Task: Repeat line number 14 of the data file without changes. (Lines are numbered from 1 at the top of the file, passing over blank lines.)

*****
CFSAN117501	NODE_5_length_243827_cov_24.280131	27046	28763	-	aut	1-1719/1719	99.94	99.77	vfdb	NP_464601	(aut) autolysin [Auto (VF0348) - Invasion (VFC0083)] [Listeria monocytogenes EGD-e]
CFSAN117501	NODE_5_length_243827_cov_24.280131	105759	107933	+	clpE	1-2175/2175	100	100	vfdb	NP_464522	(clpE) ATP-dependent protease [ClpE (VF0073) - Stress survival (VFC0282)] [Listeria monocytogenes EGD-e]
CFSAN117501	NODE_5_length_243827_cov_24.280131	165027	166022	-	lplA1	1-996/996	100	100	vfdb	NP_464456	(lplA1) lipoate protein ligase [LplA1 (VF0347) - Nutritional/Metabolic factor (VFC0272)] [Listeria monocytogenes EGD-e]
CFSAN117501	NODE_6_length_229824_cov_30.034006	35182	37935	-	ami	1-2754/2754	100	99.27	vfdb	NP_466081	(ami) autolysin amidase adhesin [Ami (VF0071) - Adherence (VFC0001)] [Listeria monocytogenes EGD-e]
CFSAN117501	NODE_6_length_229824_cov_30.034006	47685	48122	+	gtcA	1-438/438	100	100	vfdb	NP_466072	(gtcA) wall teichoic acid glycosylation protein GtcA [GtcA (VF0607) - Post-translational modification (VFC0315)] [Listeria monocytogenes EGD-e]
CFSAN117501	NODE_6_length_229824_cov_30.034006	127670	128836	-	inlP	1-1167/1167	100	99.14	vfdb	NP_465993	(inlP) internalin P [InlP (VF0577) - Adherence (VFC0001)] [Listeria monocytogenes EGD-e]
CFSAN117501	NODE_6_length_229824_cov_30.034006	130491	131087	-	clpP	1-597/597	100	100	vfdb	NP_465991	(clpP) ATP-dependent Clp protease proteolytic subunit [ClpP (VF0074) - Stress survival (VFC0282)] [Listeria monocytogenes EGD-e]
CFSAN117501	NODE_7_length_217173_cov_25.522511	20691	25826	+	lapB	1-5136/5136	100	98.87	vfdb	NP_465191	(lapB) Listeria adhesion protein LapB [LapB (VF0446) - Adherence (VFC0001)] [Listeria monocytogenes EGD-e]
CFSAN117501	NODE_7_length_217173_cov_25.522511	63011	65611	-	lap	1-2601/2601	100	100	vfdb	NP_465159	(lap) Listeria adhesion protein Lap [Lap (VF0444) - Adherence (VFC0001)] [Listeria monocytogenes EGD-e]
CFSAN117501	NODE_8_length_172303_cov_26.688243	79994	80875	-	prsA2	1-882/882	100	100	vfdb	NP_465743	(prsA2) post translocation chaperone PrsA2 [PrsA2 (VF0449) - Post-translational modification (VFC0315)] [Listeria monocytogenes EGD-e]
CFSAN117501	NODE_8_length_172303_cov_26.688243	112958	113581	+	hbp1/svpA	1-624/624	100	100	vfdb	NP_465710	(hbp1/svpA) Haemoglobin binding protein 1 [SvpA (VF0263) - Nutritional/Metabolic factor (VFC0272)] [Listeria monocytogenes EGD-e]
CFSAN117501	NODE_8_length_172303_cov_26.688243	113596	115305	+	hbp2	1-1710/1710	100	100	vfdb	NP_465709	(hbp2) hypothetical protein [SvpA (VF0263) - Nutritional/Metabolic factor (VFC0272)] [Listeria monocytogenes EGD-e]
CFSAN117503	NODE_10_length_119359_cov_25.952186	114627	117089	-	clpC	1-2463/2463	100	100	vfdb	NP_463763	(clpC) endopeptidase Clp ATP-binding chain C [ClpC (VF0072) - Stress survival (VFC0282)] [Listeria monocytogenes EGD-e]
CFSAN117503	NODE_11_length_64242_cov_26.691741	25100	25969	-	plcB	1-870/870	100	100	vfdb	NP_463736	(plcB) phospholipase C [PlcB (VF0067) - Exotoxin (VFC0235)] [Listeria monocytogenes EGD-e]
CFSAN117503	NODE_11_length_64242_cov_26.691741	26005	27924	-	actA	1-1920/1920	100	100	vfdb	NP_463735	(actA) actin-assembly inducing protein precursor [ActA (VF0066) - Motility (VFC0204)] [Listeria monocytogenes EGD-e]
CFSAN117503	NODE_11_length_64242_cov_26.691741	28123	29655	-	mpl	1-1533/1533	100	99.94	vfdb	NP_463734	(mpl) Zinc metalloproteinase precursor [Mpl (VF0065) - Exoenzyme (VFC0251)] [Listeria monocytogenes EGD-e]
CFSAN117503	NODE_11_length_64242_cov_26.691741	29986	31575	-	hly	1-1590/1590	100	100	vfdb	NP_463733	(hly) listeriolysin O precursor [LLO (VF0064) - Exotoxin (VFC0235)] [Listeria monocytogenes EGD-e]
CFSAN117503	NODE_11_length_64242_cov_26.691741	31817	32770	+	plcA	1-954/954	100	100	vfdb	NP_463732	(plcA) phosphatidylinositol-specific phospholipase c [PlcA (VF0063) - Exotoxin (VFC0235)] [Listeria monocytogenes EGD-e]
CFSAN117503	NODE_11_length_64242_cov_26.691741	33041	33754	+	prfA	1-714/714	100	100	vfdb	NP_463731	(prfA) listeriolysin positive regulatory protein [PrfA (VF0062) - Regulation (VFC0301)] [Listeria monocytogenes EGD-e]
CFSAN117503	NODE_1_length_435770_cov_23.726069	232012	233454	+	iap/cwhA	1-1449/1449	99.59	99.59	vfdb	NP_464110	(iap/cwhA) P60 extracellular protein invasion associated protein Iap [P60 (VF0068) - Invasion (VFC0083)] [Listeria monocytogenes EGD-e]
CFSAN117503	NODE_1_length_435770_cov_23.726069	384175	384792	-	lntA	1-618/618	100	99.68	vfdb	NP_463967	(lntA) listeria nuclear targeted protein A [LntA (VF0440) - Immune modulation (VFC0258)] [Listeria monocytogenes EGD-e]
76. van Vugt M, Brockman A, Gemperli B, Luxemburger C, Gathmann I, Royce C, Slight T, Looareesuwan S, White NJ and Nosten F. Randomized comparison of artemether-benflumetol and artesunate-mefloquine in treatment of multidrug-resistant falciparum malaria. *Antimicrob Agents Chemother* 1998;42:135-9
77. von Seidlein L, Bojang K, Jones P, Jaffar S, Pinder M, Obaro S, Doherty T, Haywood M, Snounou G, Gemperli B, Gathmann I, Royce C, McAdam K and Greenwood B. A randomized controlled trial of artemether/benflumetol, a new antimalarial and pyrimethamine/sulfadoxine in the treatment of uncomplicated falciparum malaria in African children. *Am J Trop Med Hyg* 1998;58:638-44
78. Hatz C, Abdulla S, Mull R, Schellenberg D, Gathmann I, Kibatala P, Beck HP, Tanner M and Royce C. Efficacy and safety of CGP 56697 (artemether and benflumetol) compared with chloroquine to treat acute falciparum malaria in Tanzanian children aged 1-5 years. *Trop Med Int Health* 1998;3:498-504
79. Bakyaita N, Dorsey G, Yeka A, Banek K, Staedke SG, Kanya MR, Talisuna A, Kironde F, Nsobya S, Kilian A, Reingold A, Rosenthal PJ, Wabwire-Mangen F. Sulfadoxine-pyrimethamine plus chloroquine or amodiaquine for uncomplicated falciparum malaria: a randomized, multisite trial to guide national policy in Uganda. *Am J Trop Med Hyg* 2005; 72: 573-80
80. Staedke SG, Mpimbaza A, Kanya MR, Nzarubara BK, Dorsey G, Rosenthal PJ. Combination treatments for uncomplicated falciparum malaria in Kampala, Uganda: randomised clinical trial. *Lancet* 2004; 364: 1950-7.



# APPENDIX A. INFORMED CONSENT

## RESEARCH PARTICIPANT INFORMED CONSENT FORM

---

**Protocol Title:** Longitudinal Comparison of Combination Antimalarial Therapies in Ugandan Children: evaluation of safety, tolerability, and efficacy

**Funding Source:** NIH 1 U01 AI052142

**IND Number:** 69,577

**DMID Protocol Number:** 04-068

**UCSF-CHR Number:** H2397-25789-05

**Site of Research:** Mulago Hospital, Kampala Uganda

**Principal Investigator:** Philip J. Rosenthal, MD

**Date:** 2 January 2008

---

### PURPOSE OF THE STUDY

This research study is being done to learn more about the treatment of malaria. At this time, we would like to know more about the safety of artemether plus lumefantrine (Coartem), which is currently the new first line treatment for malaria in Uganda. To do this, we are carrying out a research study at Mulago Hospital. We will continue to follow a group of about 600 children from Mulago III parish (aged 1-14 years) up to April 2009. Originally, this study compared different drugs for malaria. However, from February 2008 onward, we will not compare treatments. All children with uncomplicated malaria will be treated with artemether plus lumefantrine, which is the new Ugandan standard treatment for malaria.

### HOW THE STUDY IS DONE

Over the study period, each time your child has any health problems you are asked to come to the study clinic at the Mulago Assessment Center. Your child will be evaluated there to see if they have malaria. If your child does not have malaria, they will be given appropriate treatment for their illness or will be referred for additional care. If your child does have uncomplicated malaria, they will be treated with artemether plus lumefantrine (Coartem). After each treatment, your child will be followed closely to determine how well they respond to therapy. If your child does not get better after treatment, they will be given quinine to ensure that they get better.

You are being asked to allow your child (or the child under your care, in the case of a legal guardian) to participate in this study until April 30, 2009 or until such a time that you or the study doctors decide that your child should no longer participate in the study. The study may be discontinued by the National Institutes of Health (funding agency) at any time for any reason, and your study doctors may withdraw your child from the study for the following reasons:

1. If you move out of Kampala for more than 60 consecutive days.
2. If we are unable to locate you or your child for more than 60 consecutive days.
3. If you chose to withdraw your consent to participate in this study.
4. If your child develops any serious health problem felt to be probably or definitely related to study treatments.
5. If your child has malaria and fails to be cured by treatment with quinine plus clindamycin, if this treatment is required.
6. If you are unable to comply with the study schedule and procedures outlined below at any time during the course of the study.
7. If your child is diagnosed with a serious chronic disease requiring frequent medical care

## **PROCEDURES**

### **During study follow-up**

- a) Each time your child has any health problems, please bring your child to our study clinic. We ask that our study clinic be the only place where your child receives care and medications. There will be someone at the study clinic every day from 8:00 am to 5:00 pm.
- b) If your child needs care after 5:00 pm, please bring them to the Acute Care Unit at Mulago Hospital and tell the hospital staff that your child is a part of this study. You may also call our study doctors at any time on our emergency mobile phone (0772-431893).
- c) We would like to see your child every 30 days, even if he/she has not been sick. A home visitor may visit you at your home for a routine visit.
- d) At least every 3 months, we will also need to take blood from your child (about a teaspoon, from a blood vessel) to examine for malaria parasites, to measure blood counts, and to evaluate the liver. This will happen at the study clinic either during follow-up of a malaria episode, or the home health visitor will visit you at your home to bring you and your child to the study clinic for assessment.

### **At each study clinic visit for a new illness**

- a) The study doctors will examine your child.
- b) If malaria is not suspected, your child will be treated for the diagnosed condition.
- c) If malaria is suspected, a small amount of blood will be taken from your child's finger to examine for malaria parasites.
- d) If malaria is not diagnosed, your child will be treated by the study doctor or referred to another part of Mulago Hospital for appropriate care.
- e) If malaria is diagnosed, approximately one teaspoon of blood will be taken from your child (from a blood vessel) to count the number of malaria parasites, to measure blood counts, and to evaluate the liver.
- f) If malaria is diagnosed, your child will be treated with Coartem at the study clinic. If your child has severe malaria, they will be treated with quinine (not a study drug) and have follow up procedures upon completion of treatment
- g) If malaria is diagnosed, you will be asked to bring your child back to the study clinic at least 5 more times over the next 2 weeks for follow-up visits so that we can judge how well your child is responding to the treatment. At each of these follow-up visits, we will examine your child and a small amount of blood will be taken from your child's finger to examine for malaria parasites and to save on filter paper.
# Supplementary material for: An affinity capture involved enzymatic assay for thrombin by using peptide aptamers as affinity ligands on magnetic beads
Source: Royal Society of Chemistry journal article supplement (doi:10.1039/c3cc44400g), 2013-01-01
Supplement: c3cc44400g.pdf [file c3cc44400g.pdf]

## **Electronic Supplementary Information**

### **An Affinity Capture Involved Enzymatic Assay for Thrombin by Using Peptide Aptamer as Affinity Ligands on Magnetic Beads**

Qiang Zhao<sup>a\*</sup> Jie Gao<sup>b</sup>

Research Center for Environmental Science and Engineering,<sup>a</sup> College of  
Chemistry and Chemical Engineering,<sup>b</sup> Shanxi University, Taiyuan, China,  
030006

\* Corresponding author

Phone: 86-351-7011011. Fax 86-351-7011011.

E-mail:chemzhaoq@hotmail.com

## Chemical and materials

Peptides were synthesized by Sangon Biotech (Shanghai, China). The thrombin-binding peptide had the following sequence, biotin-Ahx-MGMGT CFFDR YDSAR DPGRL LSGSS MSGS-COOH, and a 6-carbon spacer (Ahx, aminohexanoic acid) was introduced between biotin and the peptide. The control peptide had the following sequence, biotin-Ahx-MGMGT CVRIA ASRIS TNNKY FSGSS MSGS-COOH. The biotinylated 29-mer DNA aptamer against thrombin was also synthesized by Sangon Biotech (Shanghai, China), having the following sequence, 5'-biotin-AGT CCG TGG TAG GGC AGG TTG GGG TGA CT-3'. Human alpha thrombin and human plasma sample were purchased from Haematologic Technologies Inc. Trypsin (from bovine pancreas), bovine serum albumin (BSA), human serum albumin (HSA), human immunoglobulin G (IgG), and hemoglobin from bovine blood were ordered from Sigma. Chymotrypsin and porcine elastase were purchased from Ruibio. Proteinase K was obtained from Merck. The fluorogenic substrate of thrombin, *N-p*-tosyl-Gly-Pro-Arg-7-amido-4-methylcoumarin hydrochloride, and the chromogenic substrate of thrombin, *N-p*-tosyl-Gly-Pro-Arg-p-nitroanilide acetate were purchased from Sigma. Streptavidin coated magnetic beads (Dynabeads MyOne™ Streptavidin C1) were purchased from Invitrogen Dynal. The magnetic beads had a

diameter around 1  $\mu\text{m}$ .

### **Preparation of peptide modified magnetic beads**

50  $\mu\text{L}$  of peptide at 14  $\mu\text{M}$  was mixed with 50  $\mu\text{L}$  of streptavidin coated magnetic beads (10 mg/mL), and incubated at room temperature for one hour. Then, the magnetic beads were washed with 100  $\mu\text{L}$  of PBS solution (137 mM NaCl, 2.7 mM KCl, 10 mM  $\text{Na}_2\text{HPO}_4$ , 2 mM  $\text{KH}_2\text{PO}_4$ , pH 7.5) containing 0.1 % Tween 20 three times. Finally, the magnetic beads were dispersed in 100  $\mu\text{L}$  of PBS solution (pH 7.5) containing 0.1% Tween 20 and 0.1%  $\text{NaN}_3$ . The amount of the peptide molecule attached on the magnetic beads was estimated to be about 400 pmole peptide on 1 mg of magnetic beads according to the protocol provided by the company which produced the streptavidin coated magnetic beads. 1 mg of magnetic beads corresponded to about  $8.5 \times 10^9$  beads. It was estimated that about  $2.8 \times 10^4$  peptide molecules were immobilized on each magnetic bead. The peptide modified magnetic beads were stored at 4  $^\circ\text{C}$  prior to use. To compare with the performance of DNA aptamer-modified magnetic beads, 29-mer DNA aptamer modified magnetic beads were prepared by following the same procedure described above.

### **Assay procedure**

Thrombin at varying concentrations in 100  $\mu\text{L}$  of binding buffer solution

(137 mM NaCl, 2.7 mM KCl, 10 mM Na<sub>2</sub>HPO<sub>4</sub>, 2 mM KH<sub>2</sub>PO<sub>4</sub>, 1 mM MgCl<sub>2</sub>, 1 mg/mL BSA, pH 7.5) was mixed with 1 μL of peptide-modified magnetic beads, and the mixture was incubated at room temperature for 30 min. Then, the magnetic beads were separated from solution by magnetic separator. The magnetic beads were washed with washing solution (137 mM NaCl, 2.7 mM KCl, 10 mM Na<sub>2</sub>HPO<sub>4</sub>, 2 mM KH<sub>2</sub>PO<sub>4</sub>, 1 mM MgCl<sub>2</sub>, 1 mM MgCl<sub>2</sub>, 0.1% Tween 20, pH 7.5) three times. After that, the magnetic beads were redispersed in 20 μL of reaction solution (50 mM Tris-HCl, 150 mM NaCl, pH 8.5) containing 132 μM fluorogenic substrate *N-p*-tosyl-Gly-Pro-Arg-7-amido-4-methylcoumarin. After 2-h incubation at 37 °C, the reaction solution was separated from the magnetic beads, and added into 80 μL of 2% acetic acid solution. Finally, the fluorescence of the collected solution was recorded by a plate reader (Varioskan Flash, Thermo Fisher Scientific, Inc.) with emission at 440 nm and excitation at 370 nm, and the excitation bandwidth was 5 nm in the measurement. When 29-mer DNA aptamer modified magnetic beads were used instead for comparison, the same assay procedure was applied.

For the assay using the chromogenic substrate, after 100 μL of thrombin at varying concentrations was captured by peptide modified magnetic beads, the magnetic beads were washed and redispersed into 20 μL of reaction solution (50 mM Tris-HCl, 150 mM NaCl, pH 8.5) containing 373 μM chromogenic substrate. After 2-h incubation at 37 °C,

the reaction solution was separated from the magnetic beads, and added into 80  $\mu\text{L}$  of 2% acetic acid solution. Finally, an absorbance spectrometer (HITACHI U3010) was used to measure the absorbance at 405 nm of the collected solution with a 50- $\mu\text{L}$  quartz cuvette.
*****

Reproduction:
CFSAN117503	NODE_11_length_64242_cov_26.691741	25100	25969	-	plcB	1-870/870	100	100	vfdb	NP_463736	(plcB) phospholipase C [PlcB (VF0067) - Exotoxin (VFC0235)] [Listeria monocytogenes EGD-e]